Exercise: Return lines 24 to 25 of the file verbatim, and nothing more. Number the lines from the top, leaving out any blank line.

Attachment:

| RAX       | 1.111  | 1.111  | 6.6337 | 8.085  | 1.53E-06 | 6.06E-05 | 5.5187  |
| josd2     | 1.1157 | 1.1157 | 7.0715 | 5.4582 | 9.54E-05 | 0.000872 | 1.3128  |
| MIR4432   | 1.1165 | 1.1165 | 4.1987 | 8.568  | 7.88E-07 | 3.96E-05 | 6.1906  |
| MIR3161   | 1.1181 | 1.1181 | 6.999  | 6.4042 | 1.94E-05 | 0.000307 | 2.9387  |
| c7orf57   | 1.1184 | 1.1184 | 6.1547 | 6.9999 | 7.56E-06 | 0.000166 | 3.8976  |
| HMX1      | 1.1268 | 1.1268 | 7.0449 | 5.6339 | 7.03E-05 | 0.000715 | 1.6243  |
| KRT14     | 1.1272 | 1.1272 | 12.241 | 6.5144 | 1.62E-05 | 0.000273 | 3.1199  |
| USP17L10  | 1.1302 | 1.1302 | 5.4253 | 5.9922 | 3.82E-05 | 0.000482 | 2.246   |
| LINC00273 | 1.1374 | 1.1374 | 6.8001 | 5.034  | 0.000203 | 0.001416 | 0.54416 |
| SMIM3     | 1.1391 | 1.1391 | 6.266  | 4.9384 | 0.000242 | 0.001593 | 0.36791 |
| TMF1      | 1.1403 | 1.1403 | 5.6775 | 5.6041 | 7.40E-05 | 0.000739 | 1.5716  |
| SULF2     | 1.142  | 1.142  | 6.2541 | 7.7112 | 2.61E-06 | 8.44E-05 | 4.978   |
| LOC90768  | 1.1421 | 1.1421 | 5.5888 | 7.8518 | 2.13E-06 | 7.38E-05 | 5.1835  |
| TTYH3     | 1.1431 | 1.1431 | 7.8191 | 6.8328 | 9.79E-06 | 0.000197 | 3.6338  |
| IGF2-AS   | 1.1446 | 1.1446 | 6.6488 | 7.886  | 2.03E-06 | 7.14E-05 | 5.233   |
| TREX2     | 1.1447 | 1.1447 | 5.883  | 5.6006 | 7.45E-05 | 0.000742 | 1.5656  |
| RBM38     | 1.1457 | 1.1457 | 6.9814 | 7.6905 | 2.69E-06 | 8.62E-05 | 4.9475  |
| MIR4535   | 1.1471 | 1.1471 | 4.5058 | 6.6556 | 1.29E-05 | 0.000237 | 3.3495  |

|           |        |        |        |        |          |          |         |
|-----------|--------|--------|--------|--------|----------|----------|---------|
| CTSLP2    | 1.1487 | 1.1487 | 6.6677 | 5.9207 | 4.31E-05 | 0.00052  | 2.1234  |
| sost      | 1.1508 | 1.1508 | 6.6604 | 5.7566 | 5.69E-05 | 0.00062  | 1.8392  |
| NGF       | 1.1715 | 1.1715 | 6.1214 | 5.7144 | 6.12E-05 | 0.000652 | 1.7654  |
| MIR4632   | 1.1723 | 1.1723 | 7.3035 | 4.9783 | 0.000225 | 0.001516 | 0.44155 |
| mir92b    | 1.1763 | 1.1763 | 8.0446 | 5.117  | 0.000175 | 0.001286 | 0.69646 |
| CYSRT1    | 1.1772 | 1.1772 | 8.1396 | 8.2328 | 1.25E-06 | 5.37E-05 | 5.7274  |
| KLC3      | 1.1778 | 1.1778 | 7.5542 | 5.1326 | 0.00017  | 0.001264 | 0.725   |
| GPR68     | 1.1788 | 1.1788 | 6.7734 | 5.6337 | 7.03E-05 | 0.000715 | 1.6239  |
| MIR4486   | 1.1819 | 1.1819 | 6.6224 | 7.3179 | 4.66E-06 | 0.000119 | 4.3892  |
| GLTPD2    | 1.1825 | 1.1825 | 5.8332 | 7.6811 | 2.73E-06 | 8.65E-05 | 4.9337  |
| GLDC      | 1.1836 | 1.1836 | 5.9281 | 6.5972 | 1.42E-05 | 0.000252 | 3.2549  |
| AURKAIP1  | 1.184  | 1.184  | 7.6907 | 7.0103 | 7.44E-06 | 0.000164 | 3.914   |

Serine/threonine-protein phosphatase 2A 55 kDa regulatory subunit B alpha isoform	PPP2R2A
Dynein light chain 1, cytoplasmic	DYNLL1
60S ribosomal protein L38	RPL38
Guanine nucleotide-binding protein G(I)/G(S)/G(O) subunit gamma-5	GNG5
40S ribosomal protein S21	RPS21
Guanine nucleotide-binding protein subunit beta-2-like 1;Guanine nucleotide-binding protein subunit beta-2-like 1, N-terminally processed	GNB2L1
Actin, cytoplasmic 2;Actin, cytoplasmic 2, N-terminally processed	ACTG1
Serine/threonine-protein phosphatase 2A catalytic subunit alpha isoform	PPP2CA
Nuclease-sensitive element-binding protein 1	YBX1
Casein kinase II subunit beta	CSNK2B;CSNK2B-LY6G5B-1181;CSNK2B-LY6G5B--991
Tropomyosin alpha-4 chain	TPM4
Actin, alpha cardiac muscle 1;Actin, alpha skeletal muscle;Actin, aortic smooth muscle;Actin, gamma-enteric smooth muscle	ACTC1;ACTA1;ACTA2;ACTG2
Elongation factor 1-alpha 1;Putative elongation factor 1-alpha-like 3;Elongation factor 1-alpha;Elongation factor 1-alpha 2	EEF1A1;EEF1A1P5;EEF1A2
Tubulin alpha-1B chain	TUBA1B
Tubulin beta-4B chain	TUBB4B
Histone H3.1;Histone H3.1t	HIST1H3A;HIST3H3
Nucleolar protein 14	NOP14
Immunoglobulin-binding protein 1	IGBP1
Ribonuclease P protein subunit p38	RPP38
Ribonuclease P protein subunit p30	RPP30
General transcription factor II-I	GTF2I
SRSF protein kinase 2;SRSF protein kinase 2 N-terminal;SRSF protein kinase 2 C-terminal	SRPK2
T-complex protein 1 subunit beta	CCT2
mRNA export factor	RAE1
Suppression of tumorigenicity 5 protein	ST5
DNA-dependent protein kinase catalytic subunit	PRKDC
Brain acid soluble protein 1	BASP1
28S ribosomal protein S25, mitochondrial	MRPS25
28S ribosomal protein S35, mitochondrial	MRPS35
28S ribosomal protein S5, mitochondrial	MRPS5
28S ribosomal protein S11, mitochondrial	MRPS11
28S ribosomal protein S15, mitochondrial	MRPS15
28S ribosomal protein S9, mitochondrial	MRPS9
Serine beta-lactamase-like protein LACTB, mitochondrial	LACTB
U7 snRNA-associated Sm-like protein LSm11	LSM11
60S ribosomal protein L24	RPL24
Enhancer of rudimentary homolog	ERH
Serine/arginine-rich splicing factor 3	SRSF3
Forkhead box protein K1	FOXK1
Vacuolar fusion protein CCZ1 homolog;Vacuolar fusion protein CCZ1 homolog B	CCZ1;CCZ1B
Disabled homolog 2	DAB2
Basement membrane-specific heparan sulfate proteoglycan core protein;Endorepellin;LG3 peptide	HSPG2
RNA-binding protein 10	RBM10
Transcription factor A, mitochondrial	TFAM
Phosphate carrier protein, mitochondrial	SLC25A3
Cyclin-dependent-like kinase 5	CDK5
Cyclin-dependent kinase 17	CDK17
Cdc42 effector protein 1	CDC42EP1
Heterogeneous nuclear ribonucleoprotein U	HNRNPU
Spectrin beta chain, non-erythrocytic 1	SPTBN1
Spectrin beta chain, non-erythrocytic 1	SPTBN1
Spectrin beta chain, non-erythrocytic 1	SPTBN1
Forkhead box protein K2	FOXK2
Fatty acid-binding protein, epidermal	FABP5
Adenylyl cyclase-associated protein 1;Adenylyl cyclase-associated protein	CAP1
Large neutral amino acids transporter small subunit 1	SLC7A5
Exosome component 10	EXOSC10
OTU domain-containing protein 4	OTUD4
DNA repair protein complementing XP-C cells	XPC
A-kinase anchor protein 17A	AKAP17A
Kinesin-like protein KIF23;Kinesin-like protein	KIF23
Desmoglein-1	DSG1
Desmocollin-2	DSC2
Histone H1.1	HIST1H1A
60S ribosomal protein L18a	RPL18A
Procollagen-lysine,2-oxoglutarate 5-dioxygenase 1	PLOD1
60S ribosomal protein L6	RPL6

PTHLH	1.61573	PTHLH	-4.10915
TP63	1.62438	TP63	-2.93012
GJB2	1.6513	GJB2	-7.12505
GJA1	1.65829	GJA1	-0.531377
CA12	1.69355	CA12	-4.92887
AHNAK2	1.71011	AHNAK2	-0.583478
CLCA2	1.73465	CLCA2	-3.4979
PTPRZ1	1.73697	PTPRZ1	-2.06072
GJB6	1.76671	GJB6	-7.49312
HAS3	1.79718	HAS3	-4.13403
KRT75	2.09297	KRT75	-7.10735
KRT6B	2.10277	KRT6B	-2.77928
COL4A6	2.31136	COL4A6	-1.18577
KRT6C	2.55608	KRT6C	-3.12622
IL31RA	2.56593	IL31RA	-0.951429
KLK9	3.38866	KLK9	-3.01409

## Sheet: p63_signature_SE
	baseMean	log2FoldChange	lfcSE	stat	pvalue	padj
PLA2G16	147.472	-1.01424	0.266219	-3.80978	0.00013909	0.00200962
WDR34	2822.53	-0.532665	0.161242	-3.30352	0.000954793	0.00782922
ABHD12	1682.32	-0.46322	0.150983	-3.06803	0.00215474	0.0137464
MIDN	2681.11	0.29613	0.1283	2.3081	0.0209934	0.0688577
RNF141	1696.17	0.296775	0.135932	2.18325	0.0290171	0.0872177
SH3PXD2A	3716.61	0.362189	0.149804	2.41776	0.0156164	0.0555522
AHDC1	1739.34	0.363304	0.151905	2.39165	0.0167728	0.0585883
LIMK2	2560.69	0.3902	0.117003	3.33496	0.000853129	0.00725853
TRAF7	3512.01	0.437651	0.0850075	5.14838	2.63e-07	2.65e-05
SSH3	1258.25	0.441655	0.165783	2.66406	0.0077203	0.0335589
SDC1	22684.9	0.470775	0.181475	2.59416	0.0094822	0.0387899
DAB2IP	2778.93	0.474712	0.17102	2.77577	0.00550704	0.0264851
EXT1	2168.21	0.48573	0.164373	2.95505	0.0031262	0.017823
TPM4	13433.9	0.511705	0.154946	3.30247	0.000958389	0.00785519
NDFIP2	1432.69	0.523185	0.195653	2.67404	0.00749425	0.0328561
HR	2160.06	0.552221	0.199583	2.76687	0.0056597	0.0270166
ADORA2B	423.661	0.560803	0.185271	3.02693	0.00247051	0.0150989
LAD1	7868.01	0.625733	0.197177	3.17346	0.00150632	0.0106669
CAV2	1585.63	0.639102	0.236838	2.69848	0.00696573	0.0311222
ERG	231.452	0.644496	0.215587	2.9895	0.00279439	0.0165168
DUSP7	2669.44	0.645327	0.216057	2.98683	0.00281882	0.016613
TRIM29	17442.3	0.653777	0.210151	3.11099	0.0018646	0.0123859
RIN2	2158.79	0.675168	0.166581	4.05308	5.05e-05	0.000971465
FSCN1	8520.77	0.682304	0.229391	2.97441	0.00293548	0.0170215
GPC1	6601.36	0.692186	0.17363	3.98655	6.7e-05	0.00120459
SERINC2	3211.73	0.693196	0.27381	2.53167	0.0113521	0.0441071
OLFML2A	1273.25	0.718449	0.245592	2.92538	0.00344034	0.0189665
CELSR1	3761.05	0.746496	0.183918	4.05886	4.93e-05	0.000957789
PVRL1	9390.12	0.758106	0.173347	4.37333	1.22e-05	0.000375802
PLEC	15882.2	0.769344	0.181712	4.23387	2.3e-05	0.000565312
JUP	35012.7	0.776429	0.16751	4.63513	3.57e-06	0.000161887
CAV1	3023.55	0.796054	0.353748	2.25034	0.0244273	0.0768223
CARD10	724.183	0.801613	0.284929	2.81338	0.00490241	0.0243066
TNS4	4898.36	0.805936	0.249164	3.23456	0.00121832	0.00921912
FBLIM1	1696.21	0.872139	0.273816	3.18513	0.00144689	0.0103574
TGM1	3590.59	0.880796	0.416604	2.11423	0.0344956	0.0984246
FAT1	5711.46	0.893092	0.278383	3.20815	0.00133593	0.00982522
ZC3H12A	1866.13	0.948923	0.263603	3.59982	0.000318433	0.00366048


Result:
| MIR4632   | 1.1723 | 1.1723 | 7.3035 | 4.9783 | 0.000225 | 0.001516 | 0.44155 |
| mir92b    | 1.1763 | 1.1763 | 8.0446 | 5.117  | 0.000175 | 0.001286 | 0.69646 |